Here we dive into some of our favorite late summer and fall-blooming perennials to help add color to your garden this autumn—some continuing right up until the first frost of the year hits!
1. Fall Swamp Sunflower
2. ‘Fireworks’ Goldenrod
3. ‘Baby Joe’ Joe Pye Weed
5. ‘Hot Lips’ Turtlehead
6. Tricyrtis ‘Sinonome’ (Toad Lily)
7. Montauk or Nippon Daisy
8. Mexican Bush Sage
The leaves may be turning, and the summer blooms may be fading, but by adding some of these beauties to your garden, you’ll be happily enjoying color and interest well into the fall. Stop by Carolina Seasons to find these and otherfall-blooming perennials in Greenville.
How to Water New Trees, Shrubs and Perennials
Before we dive into watering (pun intended), it’s imperative to ensure you plant everything properly first. Here is a general overview of the proper planting technique to get things started correctly (this may not apply to all plantings, but in general is accurate for most, so when in doubt speak to a specialist before planting):
- Dig a hole twice as wide as the root ball.
- Ensure the hole is as deep as the root ball, no deeper. You don’t want to suffocate your new planting.
- Water deeply right after planting to eliminate air pockets in the soil.
- Mulch to conserve water, and insulate the new roots from temperature extremes.
Now, let’s look at how to keep these new plants happy in long-term:
New Trees: We encourage watering young trees deeply once or twice a week. Doing this will encourage the tree to grow deeper, healthier roots which, in the long run, are less likely to sustain damage during dry periods. Younger trees do require more frequent watering than well-established ones, but even a mature tree will need deep, regular, weekly watering during periods of hot, dry summers when we are not getting any rain for weeks at a time. Continue watering your trees until there is a sufficient amount of rain or until winter rolls around. As a general rule: New tree plantings can take up to one year to become established, so until then be sure to baby it.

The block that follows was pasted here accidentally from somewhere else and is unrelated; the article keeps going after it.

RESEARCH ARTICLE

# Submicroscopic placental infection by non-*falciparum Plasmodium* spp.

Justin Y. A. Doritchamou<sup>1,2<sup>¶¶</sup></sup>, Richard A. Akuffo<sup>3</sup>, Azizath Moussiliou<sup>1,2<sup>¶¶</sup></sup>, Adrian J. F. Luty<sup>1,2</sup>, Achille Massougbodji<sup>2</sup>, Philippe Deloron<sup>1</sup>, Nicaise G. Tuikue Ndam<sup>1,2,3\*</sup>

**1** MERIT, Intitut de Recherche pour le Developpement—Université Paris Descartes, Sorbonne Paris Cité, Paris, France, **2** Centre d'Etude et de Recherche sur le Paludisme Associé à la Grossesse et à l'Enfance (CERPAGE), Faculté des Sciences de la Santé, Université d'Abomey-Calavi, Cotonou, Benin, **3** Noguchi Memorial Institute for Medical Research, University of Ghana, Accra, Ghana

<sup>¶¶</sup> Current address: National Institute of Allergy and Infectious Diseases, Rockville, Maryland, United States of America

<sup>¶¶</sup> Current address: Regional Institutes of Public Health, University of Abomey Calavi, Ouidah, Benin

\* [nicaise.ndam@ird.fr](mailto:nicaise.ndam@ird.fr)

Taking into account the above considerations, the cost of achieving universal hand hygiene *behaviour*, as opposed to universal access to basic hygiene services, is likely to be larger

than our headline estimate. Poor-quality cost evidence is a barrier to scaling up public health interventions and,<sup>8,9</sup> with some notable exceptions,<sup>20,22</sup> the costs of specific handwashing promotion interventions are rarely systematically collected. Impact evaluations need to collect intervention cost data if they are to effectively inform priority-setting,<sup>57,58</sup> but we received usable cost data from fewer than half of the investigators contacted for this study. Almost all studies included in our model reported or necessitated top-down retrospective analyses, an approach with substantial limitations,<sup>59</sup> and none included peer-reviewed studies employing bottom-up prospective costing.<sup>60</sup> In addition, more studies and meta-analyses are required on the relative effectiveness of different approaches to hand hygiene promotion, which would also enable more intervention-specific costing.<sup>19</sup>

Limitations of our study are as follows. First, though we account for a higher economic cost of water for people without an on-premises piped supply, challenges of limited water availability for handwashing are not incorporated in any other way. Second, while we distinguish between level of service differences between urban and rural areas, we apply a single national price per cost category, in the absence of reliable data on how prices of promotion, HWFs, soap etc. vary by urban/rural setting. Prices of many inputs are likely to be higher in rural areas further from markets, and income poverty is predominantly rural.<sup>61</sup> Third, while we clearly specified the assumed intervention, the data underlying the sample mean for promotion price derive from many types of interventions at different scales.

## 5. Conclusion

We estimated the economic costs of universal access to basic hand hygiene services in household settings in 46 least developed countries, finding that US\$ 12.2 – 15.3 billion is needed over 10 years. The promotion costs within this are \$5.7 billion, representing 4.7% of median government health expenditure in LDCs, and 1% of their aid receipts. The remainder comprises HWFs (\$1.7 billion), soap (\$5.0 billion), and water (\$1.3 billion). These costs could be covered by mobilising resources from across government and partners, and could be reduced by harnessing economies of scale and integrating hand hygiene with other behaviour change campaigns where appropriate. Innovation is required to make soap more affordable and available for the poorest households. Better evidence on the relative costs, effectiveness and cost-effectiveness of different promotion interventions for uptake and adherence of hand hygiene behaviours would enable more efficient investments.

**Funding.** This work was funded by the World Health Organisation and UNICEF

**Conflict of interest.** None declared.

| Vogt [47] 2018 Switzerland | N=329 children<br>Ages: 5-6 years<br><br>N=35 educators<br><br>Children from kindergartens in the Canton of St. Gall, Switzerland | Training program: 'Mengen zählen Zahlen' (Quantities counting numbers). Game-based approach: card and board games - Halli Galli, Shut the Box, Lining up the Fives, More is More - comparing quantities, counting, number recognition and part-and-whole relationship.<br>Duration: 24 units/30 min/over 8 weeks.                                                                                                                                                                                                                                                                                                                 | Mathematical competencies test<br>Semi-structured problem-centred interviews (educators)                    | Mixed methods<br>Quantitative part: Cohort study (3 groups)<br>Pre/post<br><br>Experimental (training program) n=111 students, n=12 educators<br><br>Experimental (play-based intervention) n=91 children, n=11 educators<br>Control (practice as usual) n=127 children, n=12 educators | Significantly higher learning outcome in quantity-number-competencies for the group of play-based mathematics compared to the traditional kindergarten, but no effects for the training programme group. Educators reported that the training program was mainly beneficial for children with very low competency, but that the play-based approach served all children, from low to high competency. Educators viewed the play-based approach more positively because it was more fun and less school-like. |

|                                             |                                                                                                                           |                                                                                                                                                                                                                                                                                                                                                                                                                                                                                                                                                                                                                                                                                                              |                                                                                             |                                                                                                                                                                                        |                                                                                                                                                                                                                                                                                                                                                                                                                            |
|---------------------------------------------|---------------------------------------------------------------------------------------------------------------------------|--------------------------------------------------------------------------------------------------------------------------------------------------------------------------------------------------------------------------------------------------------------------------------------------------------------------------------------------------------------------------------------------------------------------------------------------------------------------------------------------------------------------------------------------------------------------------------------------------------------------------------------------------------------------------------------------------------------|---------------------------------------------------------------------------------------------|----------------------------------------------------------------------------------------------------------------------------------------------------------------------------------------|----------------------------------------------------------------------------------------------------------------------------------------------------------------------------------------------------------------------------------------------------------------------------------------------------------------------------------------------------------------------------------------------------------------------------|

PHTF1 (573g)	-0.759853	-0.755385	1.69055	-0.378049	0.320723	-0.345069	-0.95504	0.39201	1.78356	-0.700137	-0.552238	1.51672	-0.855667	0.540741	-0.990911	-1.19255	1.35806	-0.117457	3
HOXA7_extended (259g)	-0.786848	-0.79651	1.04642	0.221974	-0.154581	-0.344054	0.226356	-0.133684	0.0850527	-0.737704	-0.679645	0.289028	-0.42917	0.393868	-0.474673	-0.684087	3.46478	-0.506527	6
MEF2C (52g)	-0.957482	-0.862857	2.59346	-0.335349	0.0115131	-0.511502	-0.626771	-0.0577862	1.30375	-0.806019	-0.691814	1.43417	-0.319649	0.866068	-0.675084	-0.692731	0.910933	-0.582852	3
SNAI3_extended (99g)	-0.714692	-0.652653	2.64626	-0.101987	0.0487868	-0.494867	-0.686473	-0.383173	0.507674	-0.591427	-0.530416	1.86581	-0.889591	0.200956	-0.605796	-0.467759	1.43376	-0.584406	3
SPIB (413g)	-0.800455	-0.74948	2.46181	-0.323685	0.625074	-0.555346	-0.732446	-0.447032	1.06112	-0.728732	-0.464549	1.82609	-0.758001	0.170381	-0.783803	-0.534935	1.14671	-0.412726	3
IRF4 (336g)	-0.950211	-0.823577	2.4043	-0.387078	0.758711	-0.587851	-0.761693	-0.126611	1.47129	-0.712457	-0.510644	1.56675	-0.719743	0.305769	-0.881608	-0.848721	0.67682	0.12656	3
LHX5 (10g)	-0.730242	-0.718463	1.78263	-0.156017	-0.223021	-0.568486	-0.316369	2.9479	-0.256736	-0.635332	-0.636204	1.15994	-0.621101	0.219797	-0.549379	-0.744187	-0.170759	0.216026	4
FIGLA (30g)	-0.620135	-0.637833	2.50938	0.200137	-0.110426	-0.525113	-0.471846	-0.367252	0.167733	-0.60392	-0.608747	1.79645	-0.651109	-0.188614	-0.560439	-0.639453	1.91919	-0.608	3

In particular, evergreen trees can trick you as they tend to react slowly, and once you notice a change, it can be too late. Their needles may appear green and lush even when they are under stress; it often takes time for the outward appearance of an evergreen to reflect this stress, and once yellowing needles appear, the damage is done.
New Shrubs and Perennials: The timeline for establishment varies depending on the plant but in general new annuals, perennials and shrubs establish relatively quickly; with larger shrubs potentially taking as long as a new tree to fully establish. With that in mind, the frequency of watering will vary based on the type of plant; it will also vary depending on weather and soil quality. For example, sandy soils will drain more quickly than clay soils, and shallow-rooted shrubs such as hydrangeas or azaleas will dry out more quickly than plants with deeper rooting systems.
When to Water in the Summer